4. Pro Tip—In regards to the people (touchpoints) they interact with along their journey with your brand, make sure to map their relationship to these people and the timing of the interactions. This will all help give you a 360-degree view of your brand’s’ entire omni-channel experience.

5. Lastly, don’t forget to collaborate with all teams in your organization. Gather as much data and insights from these teams and departments to help get you started and help you craft a Customer Journey that’s spot-on from the beginning, middle, to the very-end.



Interested in learning more about Experience Design and Experience Mapping, check out these interviews from our Practitioner Series. Several folks in our UX community have been ruminating with us about it and have some really interesting insights—check ‘em out and enjoy.

Comments
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  • asif

    I often follow these steps in creating customer journeys and find it works for understanding optimal paths to success, but sometimes overshadows when users drop out and re-enter the linear flow.
    In the Experience Map example here, there are a few “dropout” events (in the dark-blue lines), which is great in understanding the robustness of a user’s experience. I’m curious how you, and others, aptly emphasize the cases, amongst your teams, where users may drop out of the customer journey, and how the experience can be designed to mitigate them.

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  • Dan Trenkner

    With these maps we avoid mapping the optimal path to success. We try to represent the customer journey in an accurate light so we can identify where we can focus to have the most impact. As you mentioned the points where a customer may drop off are very important to the map. As with any type of funnel there are always customers who drop off, sometimes these things are out of your control but often times they can be great areas to focus your effort. I would ask yourself, are these customers dropping off worth trying to retain? or is it more impactful to focus elsewhere? Either way it is definitely important to understand why customers are dropping off and dig deeper to see if it’s worth pursuing.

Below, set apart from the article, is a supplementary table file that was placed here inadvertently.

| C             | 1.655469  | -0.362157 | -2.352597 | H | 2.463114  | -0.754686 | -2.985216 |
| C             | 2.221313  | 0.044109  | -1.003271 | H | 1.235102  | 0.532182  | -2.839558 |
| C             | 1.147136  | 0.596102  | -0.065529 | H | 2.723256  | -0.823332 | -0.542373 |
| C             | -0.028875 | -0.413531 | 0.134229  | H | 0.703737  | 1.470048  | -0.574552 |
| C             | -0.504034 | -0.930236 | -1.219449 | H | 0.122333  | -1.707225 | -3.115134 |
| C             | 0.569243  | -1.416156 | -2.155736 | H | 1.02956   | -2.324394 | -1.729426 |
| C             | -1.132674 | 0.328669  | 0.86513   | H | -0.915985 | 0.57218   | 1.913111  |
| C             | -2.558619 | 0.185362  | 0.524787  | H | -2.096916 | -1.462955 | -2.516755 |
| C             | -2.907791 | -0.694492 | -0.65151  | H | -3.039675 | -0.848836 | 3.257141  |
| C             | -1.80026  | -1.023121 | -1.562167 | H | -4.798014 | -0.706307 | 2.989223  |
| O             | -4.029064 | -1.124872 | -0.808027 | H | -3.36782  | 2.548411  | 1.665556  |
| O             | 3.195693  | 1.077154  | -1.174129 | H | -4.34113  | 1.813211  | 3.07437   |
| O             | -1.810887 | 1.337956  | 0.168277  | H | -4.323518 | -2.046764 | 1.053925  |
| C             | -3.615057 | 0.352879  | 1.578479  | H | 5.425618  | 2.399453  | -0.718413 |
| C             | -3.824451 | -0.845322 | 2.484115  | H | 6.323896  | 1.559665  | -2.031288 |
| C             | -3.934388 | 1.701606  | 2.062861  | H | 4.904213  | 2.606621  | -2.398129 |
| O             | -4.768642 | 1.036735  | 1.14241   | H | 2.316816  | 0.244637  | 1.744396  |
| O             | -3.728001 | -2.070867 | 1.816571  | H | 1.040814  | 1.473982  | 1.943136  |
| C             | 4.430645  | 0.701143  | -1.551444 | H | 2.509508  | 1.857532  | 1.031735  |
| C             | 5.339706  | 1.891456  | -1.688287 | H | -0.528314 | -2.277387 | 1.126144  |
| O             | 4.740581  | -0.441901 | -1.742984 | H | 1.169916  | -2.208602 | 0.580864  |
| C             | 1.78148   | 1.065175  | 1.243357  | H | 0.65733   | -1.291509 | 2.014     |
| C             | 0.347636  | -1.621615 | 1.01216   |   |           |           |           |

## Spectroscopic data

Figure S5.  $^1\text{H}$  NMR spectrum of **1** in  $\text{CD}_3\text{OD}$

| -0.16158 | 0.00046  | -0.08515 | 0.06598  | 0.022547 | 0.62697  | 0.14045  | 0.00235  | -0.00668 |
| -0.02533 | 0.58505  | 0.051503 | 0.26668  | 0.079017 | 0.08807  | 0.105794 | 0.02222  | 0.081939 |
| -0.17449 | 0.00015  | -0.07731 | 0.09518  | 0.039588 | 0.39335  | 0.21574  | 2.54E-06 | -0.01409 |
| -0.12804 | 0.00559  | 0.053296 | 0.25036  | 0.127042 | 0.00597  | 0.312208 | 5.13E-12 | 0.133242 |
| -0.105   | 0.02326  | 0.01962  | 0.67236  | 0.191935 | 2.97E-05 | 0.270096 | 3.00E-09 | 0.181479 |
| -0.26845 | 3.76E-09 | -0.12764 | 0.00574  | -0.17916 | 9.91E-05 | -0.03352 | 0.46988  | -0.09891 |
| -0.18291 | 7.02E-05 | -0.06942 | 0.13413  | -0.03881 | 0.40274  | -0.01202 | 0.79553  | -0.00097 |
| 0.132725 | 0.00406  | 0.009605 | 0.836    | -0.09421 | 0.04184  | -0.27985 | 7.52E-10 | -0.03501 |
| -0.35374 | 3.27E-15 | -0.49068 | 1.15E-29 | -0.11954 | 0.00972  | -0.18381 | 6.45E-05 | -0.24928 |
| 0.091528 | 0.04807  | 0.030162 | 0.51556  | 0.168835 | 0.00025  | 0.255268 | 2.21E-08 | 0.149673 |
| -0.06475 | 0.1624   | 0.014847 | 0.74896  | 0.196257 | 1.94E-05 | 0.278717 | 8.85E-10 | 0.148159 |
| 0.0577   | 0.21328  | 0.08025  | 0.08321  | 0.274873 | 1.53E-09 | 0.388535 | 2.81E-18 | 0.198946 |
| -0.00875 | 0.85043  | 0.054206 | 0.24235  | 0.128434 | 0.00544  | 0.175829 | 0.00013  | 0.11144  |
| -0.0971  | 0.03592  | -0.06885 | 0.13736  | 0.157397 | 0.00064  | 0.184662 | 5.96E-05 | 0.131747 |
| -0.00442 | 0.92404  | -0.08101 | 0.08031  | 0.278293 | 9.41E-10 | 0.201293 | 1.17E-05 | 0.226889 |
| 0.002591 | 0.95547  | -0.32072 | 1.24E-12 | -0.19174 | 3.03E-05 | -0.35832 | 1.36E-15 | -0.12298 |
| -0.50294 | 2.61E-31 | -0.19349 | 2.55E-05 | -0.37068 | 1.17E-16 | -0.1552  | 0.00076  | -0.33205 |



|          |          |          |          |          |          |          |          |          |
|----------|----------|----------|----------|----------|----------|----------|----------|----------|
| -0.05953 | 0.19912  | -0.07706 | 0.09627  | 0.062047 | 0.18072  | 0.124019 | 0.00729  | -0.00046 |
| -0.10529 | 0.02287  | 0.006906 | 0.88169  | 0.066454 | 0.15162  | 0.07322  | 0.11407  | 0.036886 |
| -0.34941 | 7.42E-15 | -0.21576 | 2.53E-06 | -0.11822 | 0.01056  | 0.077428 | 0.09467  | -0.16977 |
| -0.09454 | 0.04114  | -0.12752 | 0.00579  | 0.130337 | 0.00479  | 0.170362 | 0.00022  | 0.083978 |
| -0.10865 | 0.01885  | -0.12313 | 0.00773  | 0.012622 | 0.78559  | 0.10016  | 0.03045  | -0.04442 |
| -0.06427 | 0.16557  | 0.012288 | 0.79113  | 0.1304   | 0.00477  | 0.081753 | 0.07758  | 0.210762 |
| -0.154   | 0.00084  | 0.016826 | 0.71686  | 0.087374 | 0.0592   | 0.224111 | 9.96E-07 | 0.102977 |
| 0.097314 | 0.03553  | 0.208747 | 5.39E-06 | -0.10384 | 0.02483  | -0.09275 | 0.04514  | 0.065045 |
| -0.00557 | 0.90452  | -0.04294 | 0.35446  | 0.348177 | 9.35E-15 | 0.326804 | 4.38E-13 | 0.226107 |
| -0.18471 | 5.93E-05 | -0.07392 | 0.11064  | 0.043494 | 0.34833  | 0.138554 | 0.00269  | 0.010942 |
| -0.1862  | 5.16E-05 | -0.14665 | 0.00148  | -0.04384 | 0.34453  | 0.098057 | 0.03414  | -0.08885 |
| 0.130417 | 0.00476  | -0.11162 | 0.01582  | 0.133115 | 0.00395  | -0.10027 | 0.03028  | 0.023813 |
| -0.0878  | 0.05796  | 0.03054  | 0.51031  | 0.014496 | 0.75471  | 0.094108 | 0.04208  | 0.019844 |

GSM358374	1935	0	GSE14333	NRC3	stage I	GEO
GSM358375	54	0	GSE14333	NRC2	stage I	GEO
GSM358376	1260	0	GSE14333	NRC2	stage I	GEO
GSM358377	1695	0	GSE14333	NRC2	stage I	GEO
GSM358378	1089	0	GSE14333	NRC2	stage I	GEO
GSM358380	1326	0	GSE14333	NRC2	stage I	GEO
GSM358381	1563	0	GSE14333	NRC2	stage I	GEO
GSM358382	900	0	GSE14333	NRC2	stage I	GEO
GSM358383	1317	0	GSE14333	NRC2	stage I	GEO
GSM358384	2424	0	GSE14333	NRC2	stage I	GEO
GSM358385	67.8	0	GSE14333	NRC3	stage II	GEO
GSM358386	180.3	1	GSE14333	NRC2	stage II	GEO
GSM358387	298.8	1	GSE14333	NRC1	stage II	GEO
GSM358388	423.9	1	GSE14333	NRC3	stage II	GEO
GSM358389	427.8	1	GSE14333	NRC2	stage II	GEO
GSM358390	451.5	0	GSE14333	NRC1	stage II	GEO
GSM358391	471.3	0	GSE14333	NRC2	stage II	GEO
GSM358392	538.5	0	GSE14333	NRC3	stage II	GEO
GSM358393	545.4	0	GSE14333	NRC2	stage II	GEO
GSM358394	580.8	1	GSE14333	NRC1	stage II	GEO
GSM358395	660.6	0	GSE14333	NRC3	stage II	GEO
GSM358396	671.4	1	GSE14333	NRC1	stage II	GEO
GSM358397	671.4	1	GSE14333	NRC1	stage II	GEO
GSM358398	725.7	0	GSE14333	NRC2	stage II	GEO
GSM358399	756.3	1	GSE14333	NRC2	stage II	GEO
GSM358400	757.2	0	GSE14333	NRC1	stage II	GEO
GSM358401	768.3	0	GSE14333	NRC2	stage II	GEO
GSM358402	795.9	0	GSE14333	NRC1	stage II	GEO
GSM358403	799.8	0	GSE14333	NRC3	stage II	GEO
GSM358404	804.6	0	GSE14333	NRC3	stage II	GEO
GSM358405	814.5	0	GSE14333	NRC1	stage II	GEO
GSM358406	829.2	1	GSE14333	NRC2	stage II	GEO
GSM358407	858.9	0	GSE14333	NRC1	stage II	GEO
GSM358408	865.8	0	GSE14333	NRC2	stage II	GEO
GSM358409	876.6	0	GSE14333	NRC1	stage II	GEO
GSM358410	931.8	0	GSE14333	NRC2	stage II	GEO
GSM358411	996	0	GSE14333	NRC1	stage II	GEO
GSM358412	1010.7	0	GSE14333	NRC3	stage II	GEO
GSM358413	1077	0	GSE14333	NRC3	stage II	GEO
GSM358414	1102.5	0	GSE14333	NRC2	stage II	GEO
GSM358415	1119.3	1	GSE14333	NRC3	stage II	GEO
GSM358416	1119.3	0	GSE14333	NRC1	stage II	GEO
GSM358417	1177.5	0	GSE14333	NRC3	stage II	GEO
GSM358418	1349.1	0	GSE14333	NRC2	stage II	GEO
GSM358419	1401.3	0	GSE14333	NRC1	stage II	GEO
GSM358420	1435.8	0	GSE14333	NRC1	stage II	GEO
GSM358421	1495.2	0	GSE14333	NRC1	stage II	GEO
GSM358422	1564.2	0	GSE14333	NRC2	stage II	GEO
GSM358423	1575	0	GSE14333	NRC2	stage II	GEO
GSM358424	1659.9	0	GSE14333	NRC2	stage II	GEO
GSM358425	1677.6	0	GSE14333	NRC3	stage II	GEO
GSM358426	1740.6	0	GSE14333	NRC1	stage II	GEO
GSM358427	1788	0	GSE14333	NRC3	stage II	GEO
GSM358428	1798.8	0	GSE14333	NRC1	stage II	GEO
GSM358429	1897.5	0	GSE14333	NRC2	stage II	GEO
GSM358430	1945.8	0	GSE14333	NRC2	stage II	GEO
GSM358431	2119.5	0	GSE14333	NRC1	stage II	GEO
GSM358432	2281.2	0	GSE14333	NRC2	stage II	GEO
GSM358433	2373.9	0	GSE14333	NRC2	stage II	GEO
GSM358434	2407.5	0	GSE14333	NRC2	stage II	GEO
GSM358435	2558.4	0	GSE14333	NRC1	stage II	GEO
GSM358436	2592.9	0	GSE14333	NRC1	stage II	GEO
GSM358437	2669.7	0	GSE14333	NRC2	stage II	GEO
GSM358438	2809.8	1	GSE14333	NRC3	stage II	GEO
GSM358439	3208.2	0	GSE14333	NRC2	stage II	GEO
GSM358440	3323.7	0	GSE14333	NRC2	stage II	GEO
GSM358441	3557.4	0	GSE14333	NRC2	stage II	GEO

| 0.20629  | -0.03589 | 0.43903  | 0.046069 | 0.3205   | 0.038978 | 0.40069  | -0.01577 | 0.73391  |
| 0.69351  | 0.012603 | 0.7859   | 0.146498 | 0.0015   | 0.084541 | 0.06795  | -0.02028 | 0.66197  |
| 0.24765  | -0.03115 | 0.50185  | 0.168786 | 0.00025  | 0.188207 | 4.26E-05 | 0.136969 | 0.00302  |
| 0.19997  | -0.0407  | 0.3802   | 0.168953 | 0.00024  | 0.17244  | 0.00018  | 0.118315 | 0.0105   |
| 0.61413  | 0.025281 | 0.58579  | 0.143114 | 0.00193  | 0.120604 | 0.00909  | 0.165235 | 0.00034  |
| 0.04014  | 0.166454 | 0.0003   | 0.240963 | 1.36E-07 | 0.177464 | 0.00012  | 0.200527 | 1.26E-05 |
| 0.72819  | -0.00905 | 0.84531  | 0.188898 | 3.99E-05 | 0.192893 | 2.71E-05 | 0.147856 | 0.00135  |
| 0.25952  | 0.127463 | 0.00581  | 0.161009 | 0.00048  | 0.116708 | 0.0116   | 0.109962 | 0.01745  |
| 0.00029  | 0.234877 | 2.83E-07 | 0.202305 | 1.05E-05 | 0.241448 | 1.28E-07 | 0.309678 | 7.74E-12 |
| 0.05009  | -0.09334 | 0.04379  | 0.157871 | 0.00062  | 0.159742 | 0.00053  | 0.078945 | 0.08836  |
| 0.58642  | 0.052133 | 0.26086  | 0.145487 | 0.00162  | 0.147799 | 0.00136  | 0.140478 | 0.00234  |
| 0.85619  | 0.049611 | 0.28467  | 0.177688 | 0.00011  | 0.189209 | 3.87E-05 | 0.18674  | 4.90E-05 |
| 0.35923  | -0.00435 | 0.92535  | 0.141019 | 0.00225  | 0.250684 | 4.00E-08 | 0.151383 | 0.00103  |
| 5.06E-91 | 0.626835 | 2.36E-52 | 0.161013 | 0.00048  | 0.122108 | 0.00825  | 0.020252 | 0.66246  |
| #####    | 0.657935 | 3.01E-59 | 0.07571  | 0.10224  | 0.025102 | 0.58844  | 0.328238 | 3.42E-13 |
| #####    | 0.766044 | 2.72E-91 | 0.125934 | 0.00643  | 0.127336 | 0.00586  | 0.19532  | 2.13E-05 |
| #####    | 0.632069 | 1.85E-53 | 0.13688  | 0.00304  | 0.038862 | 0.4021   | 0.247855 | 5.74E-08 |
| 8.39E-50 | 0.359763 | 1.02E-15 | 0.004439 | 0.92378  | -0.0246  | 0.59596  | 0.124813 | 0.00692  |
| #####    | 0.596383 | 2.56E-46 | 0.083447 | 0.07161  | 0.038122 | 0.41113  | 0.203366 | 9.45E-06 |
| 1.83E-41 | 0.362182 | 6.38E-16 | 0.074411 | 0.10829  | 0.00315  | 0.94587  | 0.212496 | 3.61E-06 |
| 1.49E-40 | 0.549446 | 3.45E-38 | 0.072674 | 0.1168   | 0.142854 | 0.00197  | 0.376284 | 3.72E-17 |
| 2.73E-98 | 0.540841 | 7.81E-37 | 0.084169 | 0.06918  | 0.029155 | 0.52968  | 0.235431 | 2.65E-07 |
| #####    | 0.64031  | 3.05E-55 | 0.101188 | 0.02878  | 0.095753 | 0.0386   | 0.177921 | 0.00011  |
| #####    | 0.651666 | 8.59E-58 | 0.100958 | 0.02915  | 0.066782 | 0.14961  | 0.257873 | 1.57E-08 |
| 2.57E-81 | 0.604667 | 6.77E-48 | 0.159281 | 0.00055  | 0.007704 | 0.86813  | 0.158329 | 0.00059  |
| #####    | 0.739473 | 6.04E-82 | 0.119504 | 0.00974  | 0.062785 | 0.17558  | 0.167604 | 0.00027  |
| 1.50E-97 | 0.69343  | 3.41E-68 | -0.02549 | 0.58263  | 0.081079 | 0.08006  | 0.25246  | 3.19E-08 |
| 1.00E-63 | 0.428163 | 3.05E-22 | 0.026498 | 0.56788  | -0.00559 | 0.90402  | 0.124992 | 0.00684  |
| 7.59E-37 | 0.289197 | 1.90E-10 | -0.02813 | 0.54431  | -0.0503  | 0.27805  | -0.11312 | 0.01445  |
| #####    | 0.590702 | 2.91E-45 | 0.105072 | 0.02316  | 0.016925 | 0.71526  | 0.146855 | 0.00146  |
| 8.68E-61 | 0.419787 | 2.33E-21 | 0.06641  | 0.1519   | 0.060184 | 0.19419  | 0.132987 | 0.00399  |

• asif

      thanks for the response Dan. the question you pose are wise ones that I’ll be sure to incorporate into our assessments, along with questions about recovery from mistakes and slips that may not be as clear at the onset of the project. thanks again

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  • Great customer journey mapping, could you share the full mapping image?

    • Lauren Ventura

      Hello Hai, Unfortunately I cannot share this image with you as it has proprietary information in it. But, good news, because of the popularity of this post, I’m writing another one about the same topic for one of our clients. In that post, coming in Feb, I’ll include a downloadable image as well as an Experience Mapping workbook download:) Stay tuned!

      • Zia Aliyev

        Waiting for the workbook ^_^ Thanks for great post!

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  • Great tips @lauren_ventura:disqus looking forward to the workbook 🙂